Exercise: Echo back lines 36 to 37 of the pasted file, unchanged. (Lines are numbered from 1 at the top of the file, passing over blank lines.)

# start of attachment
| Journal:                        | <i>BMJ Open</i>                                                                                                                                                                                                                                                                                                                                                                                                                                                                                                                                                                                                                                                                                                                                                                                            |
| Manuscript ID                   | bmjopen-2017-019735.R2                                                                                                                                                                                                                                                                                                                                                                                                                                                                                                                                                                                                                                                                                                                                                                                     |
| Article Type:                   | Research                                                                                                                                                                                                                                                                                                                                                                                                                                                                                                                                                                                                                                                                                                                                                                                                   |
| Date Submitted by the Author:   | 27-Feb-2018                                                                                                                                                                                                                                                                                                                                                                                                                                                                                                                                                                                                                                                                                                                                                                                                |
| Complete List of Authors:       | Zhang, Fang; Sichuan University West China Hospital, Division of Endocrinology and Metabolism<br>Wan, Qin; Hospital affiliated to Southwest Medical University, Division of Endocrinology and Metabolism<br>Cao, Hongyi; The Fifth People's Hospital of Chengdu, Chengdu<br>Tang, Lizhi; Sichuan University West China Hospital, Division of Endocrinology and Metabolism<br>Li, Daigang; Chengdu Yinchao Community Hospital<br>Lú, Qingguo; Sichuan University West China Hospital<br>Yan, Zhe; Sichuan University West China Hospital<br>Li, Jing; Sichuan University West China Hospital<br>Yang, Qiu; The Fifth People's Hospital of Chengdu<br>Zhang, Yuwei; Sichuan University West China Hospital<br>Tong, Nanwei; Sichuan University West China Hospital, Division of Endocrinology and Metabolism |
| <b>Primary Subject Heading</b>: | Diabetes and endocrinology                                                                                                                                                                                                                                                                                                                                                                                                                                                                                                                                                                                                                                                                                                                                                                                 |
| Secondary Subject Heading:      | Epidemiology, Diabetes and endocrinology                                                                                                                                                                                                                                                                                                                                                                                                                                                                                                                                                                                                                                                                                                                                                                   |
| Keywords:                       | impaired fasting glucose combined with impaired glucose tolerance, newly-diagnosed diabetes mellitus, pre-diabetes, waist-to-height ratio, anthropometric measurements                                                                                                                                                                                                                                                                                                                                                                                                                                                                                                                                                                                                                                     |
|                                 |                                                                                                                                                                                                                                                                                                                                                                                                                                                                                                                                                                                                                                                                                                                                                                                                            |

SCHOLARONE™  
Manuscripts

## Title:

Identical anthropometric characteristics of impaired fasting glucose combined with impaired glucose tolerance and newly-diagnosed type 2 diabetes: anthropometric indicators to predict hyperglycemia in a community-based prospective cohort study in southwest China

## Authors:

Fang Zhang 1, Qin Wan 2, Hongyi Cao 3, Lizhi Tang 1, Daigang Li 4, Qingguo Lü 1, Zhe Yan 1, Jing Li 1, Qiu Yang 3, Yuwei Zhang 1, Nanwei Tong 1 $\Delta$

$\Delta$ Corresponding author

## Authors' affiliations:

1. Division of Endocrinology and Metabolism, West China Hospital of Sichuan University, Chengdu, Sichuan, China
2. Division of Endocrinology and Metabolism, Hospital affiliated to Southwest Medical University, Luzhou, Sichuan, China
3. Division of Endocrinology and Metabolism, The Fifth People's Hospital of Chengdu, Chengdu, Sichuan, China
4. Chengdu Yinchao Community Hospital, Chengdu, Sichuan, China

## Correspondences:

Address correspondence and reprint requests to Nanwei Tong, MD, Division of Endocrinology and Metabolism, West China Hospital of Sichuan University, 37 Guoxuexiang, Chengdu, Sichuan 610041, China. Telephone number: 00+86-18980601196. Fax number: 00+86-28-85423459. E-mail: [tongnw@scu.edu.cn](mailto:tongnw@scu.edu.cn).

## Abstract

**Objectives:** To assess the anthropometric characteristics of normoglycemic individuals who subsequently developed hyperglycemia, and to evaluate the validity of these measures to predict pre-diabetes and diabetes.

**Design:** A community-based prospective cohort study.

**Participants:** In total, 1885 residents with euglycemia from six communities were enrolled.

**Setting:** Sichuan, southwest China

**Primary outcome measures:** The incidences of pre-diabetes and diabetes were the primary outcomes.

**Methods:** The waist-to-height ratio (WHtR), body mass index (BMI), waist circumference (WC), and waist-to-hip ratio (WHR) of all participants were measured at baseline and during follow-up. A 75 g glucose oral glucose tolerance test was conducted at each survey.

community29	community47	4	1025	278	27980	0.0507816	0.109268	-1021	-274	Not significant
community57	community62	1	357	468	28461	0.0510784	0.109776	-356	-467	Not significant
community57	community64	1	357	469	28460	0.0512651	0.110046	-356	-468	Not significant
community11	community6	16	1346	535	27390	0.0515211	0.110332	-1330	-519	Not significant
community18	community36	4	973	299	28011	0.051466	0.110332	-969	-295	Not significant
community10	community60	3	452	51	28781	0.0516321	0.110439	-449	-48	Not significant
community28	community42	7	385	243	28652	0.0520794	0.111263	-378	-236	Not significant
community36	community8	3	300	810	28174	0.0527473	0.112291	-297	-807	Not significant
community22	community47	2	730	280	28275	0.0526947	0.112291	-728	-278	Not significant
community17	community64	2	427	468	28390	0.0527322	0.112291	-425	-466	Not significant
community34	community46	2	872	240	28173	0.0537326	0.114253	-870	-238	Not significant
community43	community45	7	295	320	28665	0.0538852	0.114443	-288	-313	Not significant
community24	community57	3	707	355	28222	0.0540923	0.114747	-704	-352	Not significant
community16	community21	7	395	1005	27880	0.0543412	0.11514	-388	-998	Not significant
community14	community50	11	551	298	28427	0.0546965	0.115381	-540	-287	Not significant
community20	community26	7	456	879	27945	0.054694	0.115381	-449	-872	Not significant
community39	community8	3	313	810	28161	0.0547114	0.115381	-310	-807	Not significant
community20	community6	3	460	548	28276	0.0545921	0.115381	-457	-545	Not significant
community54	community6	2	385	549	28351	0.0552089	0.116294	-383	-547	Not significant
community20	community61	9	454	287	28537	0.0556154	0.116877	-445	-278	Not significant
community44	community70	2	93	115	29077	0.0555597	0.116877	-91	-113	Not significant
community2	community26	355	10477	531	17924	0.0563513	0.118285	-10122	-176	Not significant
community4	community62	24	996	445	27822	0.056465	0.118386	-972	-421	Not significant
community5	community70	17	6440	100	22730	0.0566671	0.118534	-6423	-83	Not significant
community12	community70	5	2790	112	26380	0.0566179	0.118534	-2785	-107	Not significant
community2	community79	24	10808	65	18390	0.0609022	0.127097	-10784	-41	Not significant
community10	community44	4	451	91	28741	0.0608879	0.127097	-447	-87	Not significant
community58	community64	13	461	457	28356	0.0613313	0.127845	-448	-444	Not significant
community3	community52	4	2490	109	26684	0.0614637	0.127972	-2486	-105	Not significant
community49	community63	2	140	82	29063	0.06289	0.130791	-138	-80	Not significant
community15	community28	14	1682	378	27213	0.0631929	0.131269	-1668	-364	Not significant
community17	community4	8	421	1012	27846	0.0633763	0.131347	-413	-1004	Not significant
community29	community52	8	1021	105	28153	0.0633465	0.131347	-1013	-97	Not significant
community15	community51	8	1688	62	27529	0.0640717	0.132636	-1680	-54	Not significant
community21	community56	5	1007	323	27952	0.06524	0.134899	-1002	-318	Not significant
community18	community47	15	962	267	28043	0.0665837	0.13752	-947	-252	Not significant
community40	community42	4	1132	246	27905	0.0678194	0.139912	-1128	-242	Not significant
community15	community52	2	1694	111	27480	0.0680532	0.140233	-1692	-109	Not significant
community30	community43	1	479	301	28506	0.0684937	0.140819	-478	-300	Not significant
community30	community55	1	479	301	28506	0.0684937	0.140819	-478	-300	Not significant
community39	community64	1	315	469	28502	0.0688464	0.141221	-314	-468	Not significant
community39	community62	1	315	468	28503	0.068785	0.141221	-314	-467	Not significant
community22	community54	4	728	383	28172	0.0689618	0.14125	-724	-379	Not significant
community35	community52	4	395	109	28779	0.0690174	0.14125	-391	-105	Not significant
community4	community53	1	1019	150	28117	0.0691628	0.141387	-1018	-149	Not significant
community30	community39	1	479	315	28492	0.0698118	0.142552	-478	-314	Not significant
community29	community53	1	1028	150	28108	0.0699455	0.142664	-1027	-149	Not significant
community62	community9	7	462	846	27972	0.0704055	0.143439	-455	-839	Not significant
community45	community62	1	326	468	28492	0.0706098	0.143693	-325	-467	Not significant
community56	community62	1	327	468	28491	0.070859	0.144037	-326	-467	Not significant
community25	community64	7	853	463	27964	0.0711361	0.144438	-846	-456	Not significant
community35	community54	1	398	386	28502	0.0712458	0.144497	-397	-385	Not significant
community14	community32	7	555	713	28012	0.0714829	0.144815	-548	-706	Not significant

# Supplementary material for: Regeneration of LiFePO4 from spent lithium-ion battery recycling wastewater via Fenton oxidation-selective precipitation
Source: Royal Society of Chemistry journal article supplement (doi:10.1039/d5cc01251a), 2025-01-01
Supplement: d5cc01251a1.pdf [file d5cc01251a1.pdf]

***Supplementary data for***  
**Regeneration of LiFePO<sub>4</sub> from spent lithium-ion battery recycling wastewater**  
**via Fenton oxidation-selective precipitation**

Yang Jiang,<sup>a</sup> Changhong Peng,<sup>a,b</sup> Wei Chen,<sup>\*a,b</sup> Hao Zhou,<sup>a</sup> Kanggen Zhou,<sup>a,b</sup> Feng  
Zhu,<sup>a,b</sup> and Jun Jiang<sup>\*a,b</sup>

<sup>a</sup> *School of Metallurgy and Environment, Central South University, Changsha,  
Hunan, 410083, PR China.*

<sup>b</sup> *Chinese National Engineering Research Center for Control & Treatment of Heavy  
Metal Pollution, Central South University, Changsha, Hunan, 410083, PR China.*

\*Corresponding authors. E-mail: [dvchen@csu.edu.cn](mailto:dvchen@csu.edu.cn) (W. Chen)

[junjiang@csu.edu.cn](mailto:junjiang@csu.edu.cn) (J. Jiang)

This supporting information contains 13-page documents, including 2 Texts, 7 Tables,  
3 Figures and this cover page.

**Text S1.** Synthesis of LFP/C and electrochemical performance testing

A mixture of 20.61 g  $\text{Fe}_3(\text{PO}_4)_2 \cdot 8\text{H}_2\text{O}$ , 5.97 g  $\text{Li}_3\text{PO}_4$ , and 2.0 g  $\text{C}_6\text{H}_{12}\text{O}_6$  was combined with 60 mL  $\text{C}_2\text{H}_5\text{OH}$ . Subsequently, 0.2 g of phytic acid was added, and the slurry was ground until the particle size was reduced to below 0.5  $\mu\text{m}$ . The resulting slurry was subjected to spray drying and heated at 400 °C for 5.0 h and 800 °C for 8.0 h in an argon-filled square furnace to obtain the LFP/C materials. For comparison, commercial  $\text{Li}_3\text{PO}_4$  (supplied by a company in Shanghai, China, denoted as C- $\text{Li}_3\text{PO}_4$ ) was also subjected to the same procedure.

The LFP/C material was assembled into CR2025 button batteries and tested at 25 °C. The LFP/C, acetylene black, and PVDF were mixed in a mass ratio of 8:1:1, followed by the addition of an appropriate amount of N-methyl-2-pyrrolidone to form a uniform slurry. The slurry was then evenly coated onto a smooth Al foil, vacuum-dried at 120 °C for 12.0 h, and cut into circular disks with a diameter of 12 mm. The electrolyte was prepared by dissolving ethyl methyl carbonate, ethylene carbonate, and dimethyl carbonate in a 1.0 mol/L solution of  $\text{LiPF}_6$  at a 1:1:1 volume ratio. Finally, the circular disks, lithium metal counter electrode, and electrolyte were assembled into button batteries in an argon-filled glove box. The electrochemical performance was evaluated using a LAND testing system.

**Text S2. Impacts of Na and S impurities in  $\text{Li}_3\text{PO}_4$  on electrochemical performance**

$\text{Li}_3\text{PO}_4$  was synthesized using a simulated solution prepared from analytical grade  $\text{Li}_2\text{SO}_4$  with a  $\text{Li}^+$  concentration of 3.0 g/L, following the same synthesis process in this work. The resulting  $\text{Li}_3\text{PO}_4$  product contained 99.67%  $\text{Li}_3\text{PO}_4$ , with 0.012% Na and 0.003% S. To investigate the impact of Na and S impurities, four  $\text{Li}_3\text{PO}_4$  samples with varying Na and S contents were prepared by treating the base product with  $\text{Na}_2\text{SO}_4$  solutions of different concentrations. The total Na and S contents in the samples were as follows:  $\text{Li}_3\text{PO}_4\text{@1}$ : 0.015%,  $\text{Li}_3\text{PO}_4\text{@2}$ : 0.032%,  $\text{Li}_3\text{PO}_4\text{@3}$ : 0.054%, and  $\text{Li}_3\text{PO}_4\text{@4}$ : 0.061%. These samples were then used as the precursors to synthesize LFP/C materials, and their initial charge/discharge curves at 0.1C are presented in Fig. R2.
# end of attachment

community10	community60	3	452	51	28781	0.0516321	0.110439	-449	-48	Not significant
community28	community42	7	385	243	28652	0.0520794	0.111263	-378	-236	Not significant